What is your position? When did you start working in MCB?

I started working at NSF in September 2015 as a Pathways Student in the Office of the Assistant Director for the Directorate for Biological Sciences. Later that year, I transitioned to a detail position, which is a short term preview of another role that develops new skills, within the Division of Molecular and Cellular Biosciences (MCB). Upon graduation, I was eligible for a Program Assistant position in MCB, and I applied because I thoroughly enjoyed my detail in the Division. As a Program Assistant, I support the Genetic Mechanisms (GM) and Systems and Synthetic Biology (SSB) programs.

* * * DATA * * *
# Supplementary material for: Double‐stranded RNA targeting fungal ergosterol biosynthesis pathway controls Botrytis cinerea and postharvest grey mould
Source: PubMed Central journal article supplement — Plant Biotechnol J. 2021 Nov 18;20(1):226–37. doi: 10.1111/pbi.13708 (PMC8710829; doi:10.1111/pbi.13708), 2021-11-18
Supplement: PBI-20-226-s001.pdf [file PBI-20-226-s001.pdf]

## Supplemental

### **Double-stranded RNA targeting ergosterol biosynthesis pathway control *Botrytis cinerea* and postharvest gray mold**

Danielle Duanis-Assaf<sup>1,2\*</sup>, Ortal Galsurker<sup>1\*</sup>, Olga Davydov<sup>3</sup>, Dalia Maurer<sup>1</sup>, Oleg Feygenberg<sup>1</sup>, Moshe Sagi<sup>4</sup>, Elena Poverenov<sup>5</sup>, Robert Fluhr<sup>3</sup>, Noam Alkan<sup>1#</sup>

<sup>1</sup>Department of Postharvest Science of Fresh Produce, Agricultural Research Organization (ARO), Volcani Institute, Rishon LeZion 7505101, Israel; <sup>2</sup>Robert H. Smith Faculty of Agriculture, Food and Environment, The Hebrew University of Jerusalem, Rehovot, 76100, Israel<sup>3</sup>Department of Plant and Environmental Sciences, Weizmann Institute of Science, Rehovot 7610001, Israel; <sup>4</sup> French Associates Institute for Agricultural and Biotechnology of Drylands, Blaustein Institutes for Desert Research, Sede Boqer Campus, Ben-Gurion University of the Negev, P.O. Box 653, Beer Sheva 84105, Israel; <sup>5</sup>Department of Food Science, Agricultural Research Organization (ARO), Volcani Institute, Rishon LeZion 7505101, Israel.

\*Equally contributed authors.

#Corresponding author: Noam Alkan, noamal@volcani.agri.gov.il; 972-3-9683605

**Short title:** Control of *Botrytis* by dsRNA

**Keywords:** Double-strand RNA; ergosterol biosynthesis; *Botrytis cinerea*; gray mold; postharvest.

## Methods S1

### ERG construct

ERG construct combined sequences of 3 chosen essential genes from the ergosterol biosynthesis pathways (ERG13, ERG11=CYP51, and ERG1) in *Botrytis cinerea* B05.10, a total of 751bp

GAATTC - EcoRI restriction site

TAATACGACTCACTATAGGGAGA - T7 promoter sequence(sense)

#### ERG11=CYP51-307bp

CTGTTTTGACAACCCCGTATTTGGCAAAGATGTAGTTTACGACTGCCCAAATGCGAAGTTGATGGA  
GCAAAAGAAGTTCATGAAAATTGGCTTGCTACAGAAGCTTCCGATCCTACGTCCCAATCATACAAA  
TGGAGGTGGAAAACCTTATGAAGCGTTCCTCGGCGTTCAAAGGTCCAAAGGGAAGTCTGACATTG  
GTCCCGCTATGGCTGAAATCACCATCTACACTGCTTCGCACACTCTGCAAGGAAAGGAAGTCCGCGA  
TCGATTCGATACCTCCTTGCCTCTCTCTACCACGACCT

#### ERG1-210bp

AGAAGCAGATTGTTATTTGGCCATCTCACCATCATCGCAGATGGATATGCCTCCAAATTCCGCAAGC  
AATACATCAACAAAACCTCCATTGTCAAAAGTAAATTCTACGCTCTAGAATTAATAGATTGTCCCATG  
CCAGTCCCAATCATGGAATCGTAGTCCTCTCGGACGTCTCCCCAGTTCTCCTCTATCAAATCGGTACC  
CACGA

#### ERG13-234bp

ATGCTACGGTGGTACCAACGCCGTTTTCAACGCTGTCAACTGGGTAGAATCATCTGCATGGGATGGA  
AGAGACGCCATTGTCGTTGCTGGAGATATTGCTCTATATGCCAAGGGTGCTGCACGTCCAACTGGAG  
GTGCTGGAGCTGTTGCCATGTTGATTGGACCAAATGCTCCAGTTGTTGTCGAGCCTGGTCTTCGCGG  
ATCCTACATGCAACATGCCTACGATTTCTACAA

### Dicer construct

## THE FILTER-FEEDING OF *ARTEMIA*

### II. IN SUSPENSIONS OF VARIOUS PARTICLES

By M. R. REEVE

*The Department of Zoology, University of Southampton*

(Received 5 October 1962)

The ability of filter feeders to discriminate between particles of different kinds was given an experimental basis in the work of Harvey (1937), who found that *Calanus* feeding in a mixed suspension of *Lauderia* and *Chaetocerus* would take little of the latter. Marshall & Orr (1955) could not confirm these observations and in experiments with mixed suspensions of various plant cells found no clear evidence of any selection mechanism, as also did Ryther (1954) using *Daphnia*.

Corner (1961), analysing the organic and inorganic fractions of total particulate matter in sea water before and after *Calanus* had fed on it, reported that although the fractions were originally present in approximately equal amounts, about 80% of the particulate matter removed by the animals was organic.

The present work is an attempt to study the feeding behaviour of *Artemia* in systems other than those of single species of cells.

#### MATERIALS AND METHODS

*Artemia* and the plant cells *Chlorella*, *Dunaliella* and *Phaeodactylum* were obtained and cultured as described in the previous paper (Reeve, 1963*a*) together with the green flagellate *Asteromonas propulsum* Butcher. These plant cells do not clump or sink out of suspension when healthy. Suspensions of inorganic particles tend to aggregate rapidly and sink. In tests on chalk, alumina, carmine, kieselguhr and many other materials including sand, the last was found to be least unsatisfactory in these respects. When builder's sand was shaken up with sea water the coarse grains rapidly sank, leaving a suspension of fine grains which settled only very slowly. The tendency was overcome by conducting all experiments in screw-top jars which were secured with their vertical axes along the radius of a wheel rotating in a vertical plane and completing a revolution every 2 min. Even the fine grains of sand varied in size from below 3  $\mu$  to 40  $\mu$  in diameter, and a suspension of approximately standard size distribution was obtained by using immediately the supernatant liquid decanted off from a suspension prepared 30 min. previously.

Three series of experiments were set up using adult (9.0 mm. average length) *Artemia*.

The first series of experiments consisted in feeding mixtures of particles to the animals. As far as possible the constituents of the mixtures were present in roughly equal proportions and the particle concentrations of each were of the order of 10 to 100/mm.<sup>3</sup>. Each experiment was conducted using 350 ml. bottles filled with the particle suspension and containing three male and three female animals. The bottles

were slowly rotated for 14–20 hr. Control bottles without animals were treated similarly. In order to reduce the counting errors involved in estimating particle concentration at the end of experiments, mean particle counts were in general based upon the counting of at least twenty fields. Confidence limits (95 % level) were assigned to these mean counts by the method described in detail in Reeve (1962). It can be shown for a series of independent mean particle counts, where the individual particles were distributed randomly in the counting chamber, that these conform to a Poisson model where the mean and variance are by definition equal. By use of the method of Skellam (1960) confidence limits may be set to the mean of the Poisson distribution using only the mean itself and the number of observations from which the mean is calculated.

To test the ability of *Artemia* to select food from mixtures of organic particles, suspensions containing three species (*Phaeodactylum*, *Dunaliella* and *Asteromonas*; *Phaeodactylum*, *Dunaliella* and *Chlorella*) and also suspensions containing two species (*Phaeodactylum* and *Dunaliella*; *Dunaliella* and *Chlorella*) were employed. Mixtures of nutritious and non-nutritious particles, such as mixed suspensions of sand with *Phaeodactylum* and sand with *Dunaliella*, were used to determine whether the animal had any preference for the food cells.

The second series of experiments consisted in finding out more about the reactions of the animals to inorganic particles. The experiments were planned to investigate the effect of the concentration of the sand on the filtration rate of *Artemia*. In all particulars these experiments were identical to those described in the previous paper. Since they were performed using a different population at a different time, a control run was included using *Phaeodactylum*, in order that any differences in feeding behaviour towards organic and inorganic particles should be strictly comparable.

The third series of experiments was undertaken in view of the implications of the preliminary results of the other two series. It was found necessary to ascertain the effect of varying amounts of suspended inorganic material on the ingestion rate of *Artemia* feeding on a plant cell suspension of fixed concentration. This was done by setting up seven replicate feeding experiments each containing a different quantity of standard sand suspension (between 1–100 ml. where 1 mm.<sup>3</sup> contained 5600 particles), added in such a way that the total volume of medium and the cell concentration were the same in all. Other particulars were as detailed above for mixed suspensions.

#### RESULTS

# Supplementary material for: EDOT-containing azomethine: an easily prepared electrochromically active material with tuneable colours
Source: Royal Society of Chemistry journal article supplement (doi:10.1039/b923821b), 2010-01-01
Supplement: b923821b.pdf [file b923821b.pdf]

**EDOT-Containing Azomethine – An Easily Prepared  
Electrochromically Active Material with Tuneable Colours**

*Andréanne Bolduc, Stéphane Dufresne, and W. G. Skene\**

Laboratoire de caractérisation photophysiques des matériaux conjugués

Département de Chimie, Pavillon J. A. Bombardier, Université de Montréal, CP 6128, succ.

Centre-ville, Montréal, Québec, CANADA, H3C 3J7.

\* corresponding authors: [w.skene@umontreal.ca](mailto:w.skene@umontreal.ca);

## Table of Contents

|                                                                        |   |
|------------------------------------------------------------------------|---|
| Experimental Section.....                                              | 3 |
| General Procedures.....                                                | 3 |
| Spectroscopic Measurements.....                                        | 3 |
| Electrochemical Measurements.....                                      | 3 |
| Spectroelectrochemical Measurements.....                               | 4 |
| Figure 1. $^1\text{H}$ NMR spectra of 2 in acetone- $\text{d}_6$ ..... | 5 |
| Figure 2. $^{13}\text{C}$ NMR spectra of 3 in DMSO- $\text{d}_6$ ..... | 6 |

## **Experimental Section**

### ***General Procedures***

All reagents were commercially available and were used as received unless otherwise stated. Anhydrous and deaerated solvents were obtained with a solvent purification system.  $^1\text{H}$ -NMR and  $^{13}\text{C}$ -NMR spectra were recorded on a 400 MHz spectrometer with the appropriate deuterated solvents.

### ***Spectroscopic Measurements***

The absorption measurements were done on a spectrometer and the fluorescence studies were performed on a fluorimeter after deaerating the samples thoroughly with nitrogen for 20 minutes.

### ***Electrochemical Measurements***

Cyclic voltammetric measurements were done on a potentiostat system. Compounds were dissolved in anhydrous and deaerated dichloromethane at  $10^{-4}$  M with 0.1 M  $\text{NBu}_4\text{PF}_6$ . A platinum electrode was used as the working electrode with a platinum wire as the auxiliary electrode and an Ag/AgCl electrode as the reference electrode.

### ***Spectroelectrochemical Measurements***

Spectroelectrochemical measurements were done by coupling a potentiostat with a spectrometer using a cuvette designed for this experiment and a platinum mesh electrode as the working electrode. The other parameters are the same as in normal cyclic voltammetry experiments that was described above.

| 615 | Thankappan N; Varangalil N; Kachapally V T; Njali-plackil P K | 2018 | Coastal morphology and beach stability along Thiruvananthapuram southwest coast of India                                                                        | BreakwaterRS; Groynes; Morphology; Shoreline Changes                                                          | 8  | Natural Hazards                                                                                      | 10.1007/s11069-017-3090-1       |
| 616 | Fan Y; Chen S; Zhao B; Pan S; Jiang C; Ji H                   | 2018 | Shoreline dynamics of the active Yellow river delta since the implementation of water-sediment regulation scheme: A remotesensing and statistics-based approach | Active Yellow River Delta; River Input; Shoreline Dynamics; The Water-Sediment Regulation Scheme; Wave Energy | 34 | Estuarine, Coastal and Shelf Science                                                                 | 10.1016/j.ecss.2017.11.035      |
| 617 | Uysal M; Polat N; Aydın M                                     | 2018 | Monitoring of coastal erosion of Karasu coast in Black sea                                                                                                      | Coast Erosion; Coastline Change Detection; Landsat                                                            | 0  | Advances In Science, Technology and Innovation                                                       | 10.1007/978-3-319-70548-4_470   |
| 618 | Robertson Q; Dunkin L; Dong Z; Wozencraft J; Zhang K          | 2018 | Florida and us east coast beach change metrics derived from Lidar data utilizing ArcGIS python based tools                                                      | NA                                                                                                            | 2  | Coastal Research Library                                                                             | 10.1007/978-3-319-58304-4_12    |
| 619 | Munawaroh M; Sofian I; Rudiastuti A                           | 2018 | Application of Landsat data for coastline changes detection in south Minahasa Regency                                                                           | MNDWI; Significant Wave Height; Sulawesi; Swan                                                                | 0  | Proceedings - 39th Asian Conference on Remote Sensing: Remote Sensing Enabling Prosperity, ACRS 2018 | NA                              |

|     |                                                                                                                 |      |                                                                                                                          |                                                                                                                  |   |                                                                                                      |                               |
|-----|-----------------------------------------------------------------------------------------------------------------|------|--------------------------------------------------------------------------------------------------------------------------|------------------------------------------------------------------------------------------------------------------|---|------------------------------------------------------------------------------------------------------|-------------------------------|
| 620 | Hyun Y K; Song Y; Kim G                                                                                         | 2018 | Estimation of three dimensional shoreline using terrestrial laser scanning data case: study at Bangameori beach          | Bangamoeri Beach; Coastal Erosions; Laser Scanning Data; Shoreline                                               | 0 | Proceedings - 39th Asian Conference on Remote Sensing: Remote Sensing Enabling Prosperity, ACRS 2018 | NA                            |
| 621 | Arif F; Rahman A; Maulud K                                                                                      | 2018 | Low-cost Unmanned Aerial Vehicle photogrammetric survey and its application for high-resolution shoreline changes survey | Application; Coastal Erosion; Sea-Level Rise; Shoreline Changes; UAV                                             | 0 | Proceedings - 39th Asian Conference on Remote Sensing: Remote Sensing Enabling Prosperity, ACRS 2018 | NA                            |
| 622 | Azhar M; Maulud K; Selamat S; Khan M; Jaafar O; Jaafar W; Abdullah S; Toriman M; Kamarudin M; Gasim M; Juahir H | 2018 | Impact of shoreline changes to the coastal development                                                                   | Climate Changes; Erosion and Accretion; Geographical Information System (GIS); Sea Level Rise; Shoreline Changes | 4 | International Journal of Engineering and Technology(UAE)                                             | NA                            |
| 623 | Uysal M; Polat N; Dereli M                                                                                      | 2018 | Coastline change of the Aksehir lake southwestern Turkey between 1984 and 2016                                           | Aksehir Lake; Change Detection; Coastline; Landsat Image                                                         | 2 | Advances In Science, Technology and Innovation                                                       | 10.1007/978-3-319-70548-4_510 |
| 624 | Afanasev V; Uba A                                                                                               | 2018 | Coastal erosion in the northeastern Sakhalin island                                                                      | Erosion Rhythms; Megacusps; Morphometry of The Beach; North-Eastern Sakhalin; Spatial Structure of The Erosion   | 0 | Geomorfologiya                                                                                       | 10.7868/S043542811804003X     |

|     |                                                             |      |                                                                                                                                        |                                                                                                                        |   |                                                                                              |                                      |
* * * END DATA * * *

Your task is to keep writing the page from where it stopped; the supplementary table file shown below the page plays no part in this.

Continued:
What attracted you to work for NSF?

I often walked through the NSF atrium on my way to another job. Every time I thought, I should stop in to see what NSF is all about. As I looked for student internships on USAJOBS.gov, I came across a Pathways position at NSF. After reading more about what NSF does and finding out that several of my professors were either awarded NSF funding or served as NSF Program Directors, I decided to apply. It seemed like a great opportunity to put the skills I have to good use while taking classes and continuing to learn about science.

What have you learned so far from your position?

I think one of the most important things I have learned is the importance of teamwork and effective communication as most tasks involve several people and moving parts. Learning new technologies and procedural changes that reflect updated policies or regulations means that most days I feel like I learn something new in my position.